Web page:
Donald McLachlan, a journalist who served under Godfrey [head of British naval intelligence] at the Admiralty, afterwards argued that all wartime intelligence departments should be run by civilians in uniform, because they are unburdened by the lifetime prejudices of career soldiers, sailors and airmen: ‘It is the lawyer, the scholar, the traveller, the banker, even the journalist who shows the ability to resist where the career men tend to bend. Career officers and politicians have a strong interest in cooking raw intelligence to make their masters’ favourite dishes.’ MI6 remained until 1945 under the leadership of its old hands, but most of Britain’s secret war machine passed into the hands of able civilians in uniform who — after an interval of months or in some cases years while they were trained and their skills recognized — progressively improved the quality of intelligence analysis.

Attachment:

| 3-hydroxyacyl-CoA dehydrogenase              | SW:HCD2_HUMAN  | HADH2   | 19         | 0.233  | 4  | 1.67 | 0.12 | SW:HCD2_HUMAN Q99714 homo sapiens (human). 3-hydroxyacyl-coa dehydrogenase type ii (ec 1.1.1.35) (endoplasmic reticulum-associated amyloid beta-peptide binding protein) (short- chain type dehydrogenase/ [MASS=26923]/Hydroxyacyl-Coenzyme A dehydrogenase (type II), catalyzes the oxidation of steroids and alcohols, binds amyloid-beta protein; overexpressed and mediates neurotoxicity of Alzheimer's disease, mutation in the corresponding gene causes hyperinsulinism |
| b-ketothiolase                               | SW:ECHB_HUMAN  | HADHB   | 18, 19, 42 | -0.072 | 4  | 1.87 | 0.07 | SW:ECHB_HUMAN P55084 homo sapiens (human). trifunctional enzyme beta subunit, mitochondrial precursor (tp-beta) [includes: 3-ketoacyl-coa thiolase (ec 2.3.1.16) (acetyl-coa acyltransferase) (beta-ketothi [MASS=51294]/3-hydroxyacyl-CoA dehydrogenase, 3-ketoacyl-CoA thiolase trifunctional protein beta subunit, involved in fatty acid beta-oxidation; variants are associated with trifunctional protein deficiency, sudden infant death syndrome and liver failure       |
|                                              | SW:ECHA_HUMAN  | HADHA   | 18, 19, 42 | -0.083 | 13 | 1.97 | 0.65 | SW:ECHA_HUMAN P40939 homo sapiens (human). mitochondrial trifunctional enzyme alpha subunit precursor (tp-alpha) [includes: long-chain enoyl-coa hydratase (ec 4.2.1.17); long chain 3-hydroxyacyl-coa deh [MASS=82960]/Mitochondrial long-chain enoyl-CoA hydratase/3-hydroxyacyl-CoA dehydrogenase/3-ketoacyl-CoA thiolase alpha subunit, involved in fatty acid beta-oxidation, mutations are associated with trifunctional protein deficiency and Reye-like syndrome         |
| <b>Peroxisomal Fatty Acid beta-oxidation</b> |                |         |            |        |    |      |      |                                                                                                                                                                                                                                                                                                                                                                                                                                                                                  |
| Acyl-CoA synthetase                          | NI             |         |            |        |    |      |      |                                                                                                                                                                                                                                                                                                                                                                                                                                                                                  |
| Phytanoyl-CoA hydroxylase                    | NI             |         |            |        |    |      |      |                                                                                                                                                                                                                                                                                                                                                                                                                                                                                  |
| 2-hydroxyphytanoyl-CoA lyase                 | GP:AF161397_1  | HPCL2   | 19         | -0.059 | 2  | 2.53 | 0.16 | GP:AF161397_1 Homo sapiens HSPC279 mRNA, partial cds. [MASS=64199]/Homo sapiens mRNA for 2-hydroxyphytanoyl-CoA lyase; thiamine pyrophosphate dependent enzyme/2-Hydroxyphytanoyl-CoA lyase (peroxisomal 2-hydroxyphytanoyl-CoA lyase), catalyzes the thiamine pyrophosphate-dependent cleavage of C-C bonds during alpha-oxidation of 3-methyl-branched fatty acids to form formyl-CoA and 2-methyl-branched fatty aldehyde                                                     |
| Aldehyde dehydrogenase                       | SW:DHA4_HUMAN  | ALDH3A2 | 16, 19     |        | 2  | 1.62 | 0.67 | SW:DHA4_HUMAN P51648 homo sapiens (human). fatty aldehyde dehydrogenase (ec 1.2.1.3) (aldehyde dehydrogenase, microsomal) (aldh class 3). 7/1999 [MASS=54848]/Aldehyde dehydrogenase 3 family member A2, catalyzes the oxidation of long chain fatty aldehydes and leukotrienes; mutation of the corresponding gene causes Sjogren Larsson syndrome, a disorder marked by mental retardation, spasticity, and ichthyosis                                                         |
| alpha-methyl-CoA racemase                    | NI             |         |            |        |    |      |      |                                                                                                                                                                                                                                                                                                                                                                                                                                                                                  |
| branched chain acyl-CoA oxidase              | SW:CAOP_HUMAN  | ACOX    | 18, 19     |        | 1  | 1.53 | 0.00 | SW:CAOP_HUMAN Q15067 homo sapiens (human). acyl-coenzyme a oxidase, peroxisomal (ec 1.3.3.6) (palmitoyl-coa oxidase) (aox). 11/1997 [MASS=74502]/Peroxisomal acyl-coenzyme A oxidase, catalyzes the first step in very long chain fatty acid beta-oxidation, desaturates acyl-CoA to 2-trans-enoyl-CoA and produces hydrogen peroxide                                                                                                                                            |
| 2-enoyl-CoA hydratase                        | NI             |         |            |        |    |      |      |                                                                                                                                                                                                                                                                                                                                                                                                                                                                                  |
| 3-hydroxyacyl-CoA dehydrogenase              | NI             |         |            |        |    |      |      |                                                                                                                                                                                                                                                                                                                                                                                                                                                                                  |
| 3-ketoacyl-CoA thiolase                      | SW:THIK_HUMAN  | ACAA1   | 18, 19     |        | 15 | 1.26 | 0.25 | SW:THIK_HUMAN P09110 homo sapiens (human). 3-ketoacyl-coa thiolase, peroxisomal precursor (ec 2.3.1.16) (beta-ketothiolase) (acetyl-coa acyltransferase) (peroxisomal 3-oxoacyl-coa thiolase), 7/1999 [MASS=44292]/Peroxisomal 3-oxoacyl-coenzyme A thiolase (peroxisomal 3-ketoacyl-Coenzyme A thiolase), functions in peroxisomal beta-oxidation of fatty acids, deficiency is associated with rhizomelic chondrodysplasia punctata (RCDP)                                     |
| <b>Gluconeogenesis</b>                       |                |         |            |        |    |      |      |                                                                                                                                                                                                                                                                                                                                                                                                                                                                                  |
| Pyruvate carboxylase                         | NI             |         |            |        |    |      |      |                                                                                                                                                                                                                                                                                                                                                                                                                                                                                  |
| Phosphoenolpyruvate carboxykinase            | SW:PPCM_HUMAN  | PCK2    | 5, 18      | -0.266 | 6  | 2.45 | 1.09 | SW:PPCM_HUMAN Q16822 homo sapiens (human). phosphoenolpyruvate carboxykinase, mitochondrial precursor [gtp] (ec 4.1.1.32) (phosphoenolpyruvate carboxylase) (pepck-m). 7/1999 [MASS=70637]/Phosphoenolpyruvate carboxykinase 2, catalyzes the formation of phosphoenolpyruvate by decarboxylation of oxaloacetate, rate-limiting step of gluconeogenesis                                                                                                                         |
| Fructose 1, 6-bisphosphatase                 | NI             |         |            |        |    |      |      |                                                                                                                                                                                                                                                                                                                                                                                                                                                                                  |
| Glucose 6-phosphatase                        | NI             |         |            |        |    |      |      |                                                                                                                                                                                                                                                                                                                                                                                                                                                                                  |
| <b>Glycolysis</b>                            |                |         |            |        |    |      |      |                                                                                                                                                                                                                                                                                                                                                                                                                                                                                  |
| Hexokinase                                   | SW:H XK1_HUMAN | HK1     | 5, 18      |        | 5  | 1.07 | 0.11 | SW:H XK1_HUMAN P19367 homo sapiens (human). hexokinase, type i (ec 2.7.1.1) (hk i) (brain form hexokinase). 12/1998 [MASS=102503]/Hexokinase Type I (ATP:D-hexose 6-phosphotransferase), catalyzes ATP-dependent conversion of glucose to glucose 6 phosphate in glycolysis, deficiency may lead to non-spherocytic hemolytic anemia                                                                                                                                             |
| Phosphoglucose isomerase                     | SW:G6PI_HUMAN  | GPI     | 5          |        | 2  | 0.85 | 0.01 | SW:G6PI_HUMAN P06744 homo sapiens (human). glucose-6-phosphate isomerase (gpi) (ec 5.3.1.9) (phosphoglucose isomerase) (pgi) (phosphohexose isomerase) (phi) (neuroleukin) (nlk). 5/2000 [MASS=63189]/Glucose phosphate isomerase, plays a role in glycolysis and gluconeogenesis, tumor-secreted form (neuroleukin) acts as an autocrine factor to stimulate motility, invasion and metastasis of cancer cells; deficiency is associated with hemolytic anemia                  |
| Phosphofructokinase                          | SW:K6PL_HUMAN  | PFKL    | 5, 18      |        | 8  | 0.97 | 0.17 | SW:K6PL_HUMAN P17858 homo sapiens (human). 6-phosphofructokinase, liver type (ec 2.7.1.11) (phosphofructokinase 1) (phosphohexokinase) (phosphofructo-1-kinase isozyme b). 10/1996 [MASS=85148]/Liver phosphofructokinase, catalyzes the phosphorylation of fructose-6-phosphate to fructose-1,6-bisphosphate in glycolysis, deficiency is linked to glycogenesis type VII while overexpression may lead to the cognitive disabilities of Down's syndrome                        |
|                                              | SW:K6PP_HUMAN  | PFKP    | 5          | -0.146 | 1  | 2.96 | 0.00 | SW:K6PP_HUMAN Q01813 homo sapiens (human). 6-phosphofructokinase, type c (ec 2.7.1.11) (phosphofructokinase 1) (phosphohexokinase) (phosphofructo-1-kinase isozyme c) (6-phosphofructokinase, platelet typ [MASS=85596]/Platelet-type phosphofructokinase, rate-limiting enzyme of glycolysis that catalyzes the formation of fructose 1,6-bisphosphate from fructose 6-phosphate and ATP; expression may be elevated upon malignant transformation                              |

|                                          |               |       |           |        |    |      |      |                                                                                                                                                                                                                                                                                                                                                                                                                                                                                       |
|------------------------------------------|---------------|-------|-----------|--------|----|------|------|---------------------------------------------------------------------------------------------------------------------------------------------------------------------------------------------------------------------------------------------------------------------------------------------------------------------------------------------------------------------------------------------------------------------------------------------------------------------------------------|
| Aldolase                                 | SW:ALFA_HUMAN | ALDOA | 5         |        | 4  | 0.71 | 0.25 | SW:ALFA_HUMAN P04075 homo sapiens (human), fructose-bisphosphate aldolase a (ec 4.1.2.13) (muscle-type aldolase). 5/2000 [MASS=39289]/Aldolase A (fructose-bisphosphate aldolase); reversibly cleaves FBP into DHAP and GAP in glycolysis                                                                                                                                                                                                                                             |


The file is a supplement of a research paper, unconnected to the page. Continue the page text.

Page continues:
Hastings, Max. The Secret War: Spies, Codes and Guerrillas 1939–1945. p. 69 (hardcover)